SABMiller's beer volumes in South America, aided by the group's takeover of the Bavaria brewer, rose ahead of expectations in the first half period, ended 30 September.
The news led a 33 per cent sales rise and a 22 per cent jump in pre-tax profit for SAB, which used strong branded growth in several emerging markets to offset more volume losses in the US.
SAB said it would increase capital investment in South America in order to position itself for long-term growth in the region.
The area has already shown promise for international brewers, and particularly InBev, but has long been overshadowed by fast-growing markets in Eastern Europe and Asia.
SAB recorded strong growth in these regions too. The firm's Chinese associated, CR Snow, became the country's largest brewer by sales volume during the half after its namesake beer brand moved into China's top 10.
Beer volumes in Russia, meanwhile, were up 25 per cent for the six months, twice the market growth rate.
The brewer also became the latest to report a beer sales boost across Europe from this summer's football world cup in Germany. The competition single-handedly helped volumes creep up one per cent in the Czech Republic.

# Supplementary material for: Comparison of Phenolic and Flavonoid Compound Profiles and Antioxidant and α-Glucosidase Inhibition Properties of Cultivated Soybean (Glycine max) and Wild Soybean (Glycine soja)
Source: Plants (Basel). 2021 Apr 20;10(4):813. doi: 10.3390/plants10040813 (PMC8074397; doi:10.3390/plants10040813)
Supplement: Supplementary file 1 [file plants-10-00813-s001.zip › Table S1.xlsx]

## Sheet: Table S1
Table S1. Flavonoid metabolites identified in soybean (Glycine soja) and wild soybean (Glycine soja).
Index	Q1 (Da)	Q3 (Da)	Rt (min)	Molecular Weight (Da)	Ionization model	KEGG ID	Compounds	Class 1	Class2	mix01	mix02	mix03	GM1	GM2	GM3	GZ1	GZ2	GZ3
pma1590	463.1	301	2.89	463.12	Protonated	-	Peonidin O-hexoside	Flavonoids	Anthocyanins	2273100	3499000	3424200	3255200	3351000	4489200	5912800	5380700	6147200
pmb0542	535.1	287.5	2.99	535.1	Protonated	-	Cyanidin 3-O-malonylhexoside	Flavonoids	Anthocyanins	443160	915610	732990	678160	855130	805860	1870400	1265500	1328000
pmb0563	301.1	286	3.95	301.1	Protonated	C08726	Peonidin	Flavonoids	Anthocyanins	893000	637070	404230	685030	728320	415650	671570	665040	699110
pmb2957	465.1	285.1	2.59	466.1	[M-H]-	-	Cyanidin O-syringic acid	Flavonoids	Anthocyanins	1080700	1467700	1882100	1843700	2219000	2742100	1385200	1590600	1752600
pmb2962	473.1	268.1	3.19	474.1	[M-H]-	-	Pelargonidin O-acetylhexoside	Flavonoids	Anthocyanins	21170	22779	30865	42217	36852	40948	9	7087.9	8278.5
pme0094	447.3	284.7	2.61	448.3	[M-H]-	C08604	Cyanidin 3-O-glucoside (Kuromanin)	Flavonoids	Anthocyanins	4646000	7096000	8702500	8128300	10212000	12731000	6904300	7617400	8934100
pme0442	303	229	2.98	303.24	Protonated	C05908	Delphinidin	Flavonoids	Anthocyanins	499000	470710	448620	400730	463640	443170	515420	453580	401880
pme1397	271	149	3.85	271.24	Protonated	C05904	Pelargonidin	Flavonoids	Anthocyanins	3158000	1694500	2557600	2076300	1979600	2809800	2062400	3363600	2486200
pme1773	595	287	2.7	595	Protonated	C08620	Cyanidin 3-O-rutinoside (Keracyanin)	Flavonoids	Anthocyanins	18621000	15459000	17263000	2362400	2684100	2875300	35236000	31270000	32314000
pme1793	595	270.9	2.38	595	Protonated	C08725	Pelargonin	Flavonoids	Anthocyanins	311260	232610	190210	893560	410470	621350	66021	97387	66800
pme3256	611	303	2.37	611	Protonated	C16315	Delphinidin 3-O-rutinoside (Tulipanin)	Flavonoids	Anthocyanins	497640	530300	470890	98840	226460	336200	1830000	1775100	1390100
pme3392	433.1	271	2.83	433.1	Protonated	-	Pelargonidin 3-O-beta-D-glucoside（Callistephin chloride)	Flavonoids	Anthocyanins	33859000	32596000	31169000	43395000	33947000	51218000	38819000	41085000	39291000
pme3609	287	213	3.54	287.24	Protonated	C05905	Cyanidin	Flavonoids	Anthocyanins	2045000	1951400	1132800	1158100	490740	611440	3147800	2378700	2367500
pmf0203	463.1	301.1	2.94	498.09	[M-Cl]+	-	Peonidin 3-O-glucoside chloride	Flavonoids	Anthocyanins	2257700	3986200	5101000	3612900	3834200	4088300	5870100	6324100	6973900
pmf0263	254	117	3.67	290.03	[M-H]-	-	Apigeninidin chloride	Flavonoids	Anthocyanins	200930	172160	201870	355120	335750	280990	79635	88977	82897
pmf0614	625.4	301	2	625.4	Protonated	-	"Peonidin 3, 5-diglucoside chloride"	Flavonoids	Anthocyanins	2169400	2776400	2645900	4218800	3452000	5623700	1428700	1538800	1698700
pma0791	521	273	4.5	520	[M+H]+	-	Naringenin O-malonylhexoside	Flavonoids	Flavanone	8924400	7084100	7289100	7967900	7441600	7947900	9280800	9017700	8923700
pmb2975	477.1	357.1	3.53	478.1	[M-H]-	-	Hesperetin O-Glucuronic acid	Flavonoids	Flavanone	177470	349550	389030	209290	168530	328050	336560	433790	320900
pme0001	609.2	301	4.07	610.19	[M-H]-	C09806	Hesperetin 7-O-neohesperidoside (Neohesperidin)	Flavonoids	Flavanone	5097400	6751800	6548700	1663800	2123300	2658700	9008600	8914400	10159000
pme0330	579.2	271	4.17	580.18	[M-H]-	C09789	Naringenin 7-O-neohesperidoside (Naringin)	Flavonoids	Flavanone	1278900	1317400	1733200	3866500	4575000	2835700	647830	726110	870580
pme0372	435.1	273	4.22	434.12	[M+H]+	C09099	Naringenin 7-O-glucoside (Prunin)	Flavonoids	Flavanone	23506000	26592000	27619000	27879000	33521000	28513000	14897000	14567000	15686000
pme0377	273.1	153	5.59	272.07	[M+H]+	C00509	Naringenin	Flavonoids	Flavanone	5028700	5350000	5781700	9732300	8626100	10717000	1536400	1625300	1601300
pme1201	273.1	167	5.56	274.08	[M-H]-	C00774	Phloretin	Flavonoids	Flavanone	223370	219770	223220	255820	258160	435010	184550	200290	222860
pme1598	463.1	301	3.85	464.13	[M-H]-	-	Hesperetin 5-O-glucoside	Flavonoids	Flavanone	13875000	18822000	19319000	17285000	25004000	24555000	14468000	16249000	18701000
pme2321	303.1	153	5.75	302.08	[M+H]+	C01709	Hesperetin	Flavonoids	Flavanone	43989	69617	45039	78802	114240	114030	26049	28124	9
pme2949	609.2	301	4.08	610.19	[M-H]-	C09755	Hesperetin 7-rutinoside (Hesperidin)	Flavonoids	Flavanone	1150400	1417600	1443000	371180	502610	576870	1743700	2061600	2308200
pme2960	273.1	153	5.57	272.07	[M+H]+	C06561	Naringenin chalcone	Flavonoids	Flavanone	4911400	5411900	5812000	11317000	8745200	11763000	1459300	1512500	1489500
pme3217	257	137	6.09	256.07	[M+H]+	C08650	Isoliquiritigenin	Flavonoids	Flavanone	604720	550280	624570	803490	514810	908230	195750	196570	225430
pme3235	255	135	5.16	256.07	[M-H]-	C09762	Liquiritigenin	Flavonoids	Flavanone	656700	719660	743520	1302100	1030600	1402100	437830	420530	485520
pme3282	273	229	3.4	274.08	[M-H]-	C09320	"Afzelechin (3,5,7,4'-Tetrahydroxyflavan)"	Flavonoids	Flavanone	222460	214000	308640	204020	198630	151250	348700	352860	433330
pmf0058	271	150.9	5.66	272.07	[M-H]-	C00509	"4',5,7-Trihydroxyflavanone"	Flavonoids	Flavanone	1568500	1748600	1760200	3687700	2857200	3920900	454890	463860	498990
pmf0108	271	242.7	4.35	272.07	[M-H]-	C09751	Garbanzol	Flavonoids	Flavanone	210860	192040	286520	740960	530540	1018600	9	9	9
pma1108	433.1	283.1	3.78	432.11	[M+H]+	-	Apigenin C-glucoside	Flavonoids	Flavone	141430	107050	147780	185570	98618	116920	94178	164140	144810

Graham Mackay, SAB chief executive, highlighted variety, reach and brand building as key factors in the group's first half success.
"This good start to the year is a further demonstration of the advantage we enjoy in our access to growth markets and our ability to offer our customers and consumers comprehensive and varied portfolios of unique beer brands."
A rise in unique, imported beer brands has been credited for revitalising value in more stagnant beer markets in the UK and US.
SAB added to the trend, reporting that its Peroni Astro Nazzurro brand had increased volumes by 28 per cent in the UK and 23 per cent in the US. The firm said it will now attempt to combat losses in America by importing three of its South American beers, Cristal, Aguila and Cusquena.